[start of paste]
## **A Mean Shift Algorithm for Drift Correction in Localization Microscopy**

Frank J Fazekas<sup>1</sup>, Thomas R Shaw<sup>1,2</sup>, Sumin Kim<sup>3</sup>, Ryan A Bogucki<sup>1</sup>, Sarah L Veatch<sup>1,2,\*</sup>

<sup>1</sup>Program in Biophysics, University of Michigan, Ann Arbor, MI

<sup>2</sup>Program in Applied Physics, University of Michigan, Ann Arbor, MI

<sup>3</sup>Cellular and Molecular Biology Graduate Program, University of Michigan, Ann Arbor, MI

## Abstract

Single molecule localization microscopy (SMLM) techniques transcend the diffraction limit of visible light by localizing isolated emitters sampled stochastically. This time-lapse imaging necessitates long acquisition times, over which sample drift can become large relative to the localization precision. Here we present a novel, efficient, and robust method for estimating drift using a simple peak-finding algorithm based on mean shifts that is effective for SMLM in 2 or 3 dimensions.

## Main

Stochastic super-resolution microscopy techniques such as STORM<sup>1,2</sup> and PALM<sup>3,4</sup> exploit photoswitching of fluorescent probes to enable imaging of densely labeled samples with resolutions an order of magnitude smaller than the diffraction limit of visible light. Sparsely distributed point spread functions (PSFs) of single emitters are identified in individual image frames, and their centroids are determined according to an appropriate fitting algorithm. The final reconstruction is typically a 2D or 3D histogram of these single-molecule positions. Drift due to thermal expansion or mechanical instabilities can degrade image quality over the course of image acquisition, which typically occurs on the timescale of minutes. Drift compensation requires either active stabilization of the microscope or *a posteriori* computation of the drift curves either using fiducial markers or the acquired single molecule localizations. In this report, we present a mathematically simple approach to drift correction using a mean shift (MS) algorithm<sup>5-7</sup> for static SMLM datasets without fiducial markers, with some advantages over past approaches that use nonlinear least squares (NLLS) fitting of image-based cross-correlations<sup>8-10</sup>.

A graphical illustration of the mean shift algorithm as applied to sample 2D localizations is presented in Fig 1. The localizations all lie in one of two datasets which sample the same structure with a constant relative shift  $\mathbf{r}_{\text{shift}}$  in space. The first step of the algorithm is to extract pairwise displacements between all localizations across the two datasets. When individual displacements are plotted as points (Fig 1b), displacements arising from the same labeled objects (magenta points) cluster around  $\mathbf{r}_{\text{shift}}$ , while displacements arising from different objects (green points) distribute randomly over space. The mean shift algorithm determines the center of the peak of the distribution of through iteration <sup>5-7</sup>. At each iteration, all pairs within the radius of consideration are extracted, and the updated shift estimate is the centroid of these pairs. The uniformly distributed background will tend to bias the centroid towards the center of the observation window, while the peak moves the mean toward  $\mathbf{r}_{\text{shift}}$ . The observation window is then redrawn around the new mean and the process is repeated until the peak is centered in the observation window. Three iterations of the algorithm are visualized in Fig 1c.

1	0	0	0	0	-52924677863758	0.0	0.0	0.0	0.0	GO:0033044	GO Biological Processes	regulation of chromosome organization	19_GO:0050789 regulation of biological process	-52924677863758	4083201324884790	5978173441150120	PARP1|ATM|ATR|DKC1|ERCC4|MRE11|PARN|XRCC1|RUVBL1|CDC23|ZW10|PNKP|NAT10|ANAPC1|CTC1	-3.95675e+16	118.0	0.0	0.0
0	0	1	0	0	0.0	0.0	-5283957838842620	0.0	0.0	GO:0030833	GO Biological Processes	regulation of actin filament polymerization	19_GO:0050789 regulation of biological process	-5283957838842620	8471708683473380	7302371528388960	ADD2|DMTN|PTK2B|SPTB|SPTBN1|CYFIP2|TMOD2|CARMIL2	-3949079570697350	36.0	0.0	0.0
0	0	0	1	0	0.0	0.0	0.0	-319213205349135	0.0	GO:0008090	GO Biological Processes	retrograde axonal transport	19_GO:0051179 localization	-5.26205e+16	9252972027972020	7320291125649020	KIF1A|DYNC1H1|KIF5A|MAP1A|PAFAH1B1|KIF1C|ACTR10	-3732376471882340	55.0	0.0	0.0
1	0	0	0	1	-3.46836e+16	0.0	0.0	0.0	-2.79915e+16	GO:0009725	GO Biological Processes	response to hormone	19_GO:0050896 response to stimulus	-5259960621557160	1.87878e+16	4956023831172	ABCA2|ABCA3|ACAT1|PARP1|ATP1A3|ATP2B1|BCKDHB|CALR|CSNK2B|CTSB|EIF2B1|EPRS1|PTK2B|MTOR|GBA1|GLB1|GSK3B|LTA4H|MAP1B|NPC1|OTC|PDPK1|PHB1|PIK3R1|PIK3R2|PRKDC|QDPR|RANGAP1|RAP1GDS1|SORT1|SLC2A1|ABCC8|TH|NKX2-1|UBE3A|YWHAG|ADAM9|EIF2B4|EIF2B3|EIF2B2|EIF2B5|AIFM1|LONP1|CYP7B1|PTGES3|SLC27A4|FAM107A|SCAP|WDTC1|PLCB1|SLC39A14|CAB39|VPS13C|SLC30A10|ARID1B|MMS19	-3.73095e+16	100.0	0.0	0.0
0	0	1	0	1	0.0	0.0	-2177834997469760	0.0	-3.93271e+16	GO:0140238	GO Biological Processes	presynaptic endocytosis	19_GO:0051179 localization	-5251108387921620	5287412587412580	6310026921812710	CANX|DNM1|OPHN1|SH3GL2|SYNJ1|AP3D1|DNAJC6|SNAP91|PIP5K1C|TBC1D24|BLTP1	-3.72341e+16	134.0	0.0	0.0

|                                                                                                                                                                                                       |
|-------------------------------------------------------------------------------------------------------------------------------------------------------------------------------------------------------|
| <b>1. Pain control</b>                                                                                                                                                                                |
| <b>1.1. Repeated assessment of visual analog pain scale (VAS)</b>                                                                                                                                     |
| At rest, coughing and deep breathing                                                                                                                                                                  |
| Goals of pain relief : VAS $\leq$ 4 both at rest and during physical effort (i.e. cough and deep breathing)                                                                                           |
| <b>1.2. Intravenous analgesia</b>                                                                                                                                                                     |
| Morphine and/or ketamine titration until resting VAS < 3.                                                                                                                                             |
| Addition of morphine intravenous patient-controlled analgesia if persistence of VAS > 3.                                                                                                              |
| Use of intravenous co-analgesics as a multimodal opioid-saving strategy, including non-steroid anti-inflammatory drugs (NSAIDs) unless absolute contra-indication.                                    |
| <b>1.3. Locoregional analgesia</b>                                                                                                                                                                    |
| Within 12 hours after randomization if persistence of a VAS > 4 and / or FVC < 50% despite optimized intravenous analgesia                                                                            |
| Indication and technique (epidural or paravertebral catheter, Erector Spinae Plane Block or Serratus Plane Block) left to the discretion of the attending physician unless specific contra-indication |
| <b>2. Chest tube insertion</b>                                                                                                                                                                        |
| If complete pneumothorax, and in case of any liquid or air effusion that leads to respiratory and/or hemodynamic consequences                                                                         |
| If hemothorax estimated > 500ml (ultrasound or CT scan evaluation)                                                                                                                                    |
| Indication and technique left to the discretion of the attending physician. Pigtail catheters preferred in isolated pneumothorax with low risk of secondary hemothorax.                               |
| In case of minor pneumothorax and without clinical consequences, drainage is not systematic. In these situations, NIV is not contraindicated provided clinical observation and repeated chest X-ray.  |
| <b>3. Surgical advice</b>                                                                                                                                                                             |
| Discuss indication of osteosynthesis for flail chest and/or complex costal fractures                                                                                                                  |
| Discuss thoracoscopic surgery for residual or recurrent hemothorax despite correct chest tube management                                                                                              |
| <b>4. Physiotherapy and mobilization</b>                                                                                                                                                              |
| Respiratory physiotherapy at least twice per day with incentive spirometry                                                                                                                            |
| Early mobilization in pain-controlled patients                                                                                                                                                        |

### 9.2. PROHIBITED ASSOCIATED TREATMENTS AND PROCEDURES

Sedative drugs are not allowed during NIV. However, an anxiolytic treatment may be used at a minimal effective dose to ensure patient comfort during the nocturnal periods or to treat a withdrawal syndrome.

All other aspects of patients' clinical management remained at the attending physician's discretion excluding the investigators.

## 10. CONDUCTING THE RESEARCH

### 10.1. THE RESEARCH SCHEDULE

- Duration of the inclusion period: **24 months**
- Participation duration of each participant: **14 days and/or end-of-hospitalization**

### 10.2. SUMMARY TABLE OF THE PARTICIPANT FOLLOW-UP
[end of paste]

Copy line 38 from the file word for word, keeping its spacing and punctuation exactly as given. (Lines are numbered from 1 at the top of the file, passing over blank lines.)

| Respiratory physiotherapy at least twice per day with incentive spirometry                                                                                                                            |